Problem/Solution Fit (not Product/Market Fit) is the first significant milestone of a startup.

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Here is this week’s “1 principle, 2 strategies, and 3 actionable tactics” for running lean…

1 Universal Principle

“Problem/Solution Fit (not Product/Market Fit) is the first significant milestone of a startup.”
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Getting to product/market fit (the inflection point in the hockey stick curve) takes roughly two years, and 80% of products never find it.

At this rate, not counting the downtime between ideas, finding a good idea could take up to 10 years!

A better first milestone is aiming for Problem/Solution Fit.

Problem/Solution fit validates that you have “sufficient” demand for your product before building it. It's when you go from hoping people will buy your product to knowing they will.

You have Problem/Solution Fit when you can demonstrate

  • sufficient and repeatable demand through sales
  • for a product you know you can build,
  • at a price point that makes your business model work.

Contrary to popular belief, achieving Problem/Solution fit is achievable within three months across any type of product (from software to rocketships). And, starting with Problem/Solution Fit completely flips the product failure rate.

2 Underlying Strategies at Play

I. Problem/Solution Fit prioritizes starting risks over scaling risks.

The challenge for most products today isn’t if we can build it but if we should. Problem/Solution Fit aims to answer this question by prioritizing customer and market risks above technical risks.

This isn’t to say you should downplay technical risks but not overplay them. Ensuring your product is “buildable within a reasonable timeframe” passes the first feasibility test, which is sufficient to shift focus on customer desirability and market feasibility.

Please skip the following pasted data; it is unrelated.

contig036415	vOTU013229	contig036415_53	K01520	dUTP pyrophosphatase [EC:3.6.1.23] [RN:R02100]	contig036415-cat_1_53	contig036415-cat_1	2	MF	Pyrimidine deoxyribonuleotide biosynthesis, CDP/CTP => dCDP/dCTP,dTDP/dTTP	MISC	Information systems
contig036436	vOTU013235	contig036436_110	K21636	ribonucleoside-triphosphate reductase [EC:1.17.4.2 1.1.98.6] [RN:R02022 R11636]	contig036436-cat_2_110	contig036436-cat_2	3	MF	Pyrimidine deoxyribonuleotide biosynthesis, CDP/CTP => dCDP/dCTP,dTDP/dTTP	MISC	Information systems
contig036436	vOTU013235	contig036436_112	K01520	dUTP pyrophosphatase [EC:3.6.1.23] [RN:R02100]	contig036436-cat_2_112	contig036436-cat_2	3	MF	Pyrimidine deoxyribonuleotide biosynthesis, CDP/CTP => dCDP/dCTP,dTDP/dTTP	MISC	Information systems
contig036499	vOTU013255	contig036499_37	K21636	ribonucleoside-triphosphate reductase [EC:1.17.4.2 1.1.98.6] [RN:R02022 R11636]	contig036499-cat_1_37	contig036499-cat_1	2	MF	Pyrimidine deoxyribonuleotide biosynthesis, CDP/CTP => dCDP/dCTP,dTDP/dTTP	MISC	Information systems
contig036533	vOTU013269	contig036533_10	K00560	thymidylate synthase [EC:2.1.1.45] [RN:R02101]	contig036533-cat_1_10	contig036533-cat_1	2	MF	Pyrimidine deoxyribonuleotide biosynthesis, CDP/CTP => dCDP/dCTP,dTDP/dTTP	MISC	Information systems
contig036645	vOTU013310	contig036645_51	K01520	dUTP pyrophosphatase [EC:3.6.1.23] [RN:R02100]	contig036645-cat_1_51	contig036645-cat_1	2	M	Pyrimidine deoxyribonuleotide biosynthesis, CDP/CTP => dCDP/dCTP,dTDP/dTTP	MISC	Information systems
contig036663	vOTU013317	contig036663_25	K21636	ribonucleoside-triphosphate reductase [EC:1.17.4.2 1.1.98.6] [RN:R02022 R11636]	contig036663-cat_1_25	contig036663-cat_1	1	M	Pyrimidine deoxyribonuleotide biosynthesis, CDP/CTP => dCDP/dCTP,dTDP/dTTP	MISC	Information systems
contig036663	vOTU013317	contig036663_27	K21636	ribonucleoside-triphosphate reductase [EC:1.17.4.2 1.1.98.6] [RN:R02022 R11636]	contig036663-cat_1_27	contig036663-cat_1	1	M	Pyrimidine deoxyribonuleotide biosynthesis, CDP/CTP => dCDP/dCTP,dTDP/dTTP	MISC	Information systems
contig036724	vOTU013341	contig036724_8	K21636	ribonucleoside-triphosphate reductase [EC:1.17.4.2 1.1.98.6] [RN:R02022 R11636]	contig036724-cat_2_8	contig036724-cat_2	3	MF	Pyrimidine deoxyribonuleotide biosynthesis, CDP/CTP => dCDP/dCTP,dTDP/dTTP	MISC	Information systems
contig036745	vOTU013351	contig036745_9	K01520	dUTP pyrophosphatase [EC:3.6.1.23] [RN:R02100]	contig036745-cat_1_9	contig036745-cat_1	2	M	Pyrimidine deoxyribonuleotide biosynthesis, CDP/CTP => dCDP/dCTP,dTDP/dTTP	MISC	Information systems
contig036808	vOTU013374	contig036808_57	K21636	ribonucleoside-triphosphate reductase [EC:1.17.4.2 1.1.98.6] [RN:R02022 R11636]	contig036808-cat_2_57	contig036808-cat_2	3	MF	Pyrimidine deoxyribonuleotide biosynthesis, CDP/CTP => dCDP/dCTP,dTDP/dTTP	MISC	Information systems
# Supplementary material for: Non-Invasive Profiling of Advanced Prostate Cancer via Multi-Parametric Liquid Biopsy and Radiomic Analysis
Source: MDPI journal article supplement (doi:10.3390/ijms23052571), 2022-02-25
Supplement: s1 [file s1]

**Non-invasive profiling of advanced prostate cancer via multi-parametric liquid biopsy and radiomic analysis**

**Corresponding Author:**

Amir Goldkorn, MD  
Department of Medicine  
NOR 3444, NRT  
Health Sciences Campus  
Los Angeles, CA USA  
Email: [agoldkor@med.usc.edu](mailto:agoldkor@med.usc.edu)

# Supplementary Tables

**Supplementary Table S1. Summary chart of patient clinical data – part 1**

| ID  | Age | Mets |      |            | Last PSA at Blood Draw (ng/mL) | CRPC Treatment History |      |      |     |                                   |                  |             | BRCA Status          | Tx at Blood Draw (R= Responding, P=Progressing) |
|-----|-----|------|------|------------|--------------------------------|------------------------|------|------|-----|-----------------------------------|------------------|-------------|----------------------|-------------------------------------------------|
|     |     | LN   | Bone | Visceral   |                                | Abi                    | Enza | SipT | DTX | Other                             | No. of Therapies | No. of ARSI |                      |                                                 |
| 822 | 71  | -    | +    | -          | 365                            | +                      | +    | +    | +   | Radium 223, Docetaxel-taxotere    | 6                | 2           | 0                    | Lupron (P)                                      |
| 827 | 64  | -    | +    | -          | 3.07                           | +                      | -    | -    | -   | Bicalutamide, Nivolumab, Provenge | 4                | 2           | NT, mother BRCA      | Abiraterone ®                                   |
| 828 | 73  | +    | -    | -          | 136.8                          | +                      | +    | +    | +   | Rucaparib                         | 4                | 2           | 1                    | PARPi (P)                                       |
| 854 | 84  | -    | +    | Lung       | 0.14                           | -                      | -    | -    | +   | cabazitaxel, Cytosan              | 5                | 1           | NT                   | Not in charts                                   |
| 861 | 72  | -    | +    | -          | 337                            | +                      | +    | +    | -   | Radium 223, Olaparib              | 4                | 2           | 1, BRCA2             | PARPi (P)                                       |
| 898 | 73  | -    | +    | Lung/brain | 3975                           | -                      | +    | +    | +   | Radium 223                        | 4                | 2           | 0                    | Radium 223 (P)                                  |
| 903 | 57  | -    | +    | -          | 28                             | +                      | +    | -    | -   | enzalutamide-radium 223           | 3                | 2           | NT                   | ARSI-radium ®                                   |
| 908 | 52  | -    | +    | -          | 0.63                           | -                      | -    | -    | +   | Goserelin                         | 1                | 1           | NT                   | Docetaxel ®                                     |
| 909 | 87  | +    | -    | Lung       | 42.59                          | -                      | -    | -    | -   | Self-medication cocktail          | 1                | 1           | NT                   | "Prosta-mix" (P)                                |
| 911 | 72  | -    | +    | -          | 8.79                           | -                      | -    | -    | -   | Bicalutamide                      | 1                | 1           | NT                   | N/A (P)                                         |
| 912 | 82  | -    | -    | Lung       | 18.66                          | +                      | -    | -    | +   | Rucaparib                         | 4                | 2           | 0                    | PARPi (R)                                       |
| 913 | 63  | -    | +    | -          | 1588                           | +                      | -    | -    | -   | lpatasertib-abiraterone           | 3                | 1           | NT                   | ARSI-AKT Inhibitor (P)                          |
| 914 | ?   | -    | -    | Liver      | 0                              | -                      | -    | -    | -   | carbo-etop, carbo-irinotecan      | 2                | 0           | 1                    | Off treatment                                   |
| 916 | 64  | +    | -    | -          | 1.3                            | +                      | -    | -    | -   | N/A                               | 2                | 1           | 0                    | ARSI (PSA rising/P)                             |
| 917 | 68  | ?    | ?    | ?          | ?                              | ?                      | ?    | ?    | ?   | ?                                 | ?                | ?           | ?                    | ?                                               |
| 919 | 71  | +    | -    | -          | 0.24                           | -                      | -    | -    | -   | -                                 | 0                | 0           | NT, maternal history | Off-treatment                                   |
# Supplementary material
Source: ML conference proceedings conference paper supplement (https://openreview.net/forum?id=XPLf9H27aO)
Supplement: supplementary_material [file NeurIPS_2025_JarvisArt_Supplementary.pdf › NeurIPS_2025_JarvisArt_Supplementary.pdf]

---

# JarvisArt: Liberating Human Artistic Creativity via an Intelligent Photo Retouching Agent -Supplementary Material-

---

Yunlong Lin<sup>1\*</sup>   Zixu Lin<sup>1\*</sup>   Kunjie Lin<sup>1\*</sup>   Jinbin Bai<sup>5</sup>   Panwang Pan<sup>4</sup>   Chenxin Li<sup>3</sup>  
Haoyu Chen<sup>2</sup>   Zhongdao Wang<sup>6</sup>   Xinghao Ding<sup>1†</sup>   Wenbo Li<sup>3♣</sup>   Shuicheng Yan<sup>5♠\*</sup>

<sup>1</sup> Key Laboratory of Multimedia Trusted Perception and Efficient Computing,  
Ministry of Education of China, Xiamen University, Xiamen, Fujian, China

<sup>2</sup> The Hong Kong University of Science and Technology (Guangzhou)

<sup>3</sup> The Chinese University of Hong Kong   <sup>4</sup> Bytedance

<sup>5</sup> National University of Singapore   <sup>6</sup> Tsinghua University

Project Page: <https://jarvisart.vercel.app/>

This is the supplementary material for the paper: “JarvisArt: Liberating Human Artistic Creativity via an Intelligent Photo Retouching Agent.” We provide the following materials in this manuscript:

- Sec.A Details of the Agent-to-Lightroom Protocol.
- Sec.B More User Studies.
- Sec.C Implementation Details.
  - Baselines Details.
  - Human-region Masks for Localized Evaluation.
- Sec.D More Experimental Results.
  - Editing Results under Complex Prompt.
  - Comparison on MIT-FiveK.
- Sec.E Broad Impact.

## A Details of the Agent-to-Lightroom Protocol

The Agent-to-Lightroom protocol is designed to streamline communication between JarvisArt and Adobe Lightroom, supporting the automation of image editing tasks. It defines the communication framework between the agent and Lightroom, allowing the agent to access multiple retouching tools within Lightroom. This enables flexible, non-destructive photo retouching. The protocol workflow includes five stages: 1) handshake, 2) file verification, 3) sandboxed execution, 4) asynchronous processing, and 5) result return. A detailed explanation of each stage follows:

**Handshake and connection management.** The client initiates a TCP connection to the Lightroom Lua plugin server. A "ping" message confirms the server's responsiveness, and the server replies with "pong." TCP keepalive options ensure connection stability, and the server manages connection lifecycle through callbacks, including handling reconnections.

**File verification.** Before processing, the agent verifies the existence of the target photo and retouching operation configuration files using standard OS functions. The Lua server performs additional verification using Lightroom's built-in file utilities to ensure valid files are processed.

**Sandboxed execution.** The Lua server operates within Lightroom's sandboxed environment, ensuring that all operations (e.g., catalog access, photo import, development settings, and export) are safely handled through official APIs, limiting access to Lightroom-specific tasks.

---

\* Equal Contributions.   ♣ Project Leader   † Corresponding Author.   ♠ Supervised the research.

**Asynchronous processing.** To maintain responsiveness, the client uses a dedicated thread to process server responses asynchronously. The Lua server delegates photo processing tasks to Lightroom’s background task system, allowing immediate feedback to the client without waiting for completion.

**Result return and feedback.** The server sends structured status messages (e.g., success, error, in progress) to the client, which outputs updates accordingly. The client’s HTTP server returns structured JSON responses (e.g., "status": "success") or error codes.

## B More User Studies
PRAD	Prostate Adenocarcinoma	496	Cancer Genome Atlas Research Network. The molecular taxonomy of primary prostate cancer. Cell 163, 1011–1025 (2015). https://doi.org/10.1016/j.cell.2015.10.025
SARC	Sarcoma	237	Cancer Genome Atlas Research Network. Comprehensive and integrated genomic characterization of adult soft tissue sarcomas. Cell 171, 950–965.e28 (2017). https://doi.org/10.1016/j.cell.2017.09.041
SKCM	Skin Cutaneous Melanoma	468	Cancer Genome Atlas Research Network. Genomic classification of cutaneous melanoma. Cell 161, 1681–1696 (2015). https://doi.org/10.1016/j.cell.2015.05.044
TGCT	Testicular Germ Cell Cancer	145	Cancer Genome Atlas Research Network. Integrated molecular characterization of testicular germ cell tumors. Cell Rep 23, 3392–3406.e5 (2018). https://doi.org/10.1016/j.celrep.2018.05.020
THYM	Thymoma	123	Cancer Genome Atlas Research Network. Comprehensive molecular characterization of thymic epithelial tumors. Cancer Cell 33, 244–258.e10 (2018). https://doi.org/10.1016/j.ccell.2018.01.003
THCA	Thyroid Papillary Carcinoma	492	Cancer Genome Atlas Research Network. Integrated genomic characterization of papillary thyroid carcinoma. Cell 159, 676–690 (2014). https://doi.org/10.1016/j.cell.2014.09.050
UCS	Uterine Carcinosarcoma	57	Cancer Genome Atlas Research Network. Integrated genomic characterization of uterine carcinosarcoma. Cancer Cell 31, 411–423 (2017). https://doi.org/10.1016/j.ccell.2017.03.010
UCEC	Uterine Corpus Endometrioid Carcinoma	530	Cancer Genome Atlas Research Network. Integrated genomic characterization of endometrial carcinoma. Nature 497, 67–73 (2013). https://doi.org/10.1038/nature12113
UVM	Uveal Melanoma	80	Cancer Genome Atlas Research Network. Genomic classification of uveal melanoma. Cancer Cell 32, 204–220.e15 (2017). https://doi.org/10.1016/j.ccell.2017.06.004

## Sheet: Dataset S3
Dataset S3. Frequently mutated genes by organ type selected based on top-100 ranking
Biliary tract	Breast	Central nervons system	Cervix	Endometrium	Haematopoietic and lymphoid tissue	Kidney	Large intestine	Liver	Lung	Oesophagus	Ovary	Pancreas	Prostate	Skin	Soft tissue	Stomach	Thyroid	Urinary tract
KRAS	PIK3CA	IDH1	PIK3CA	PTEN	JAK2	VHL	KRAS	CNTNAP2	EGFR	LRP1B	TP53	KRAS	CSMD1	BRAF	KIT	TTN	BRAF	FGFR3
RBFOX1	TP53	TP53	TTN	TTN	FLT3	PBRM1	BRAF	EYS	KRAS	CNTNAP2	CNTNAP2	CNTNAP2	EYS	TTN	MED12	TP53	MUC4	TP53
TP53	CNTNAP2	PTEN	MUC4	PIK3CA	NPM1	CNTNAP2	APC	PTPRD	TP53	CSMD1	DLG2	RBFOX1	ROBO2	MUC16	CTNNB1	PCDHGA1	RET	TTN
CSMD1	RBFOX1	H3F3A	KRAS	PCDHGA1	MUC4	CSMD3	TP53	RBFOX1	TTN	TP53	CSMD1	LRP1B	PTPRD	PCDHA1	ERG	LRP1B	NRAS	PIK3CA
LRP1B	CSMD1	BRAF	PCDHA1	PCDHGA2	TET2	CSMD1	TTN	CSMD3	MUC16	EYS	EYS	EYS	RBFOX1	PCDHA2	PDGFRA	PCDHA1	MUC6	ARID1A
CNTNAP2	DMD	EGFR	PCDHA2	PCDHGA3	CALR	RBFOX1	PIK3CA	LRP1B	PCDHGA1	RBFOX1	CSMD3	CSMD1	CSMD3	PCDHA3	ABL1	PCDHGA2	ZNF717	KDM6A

II. Problem/Solution Fit prioritizes problems before solutions.

The top reason why most products fail is building something nobody wants. I attribute the founder’s unbridled love for their solution as the top contributor to this failure.

Problems, not solutions, create space for innovation.

It’s easy to see this on a Lean Canvas.

Lean Canvas

If you get your customer segment and problem assumptions wrong, it’s easy to see how everything else in your business model falls apart. You end up describing a solution that no one wants (not desirable). Even if you manage to build this solution (feasible), no one buys it (not viable).

Your business model is doomed.

3 Actionable Tactics

I. Start with a Lean(er) Canvas.

While sketching a full Lean Canvas is a great way to deconstruct your idea, starting with a Lean(er) Canvas is faster and sets you up with a solid customer/problem foundation.

Lean(er) Canvas

II. Deeply understand your customers better than they do.

While starting with problems is simple, getting to real problems worth solving is about going beyond surface-level problems to root causes.

The best (and fastest) way to do this is through carefully unscripted customer interviews. There’s now even a tool for this.

III. Make them an offer they cannot refuse.

The Problem/Solution Fit process uses deep customer/problem insights to design solutions that fit like a glove, which you then turn into a mafia offer.

A mafia offer is an offer your customers cannot refuse, not because you strong-arm them but because you nail their problem.

For more on how to assemble mafia offers, see The Ultimate Guide to Problem/Solution Fit.

That's all for today. See you next week.





“I’m gonna make him an offer he can’t refuse.”
- Vito Corleone, The Godfather




I'm building a "choose your own adventure" journey to product/market fit here.


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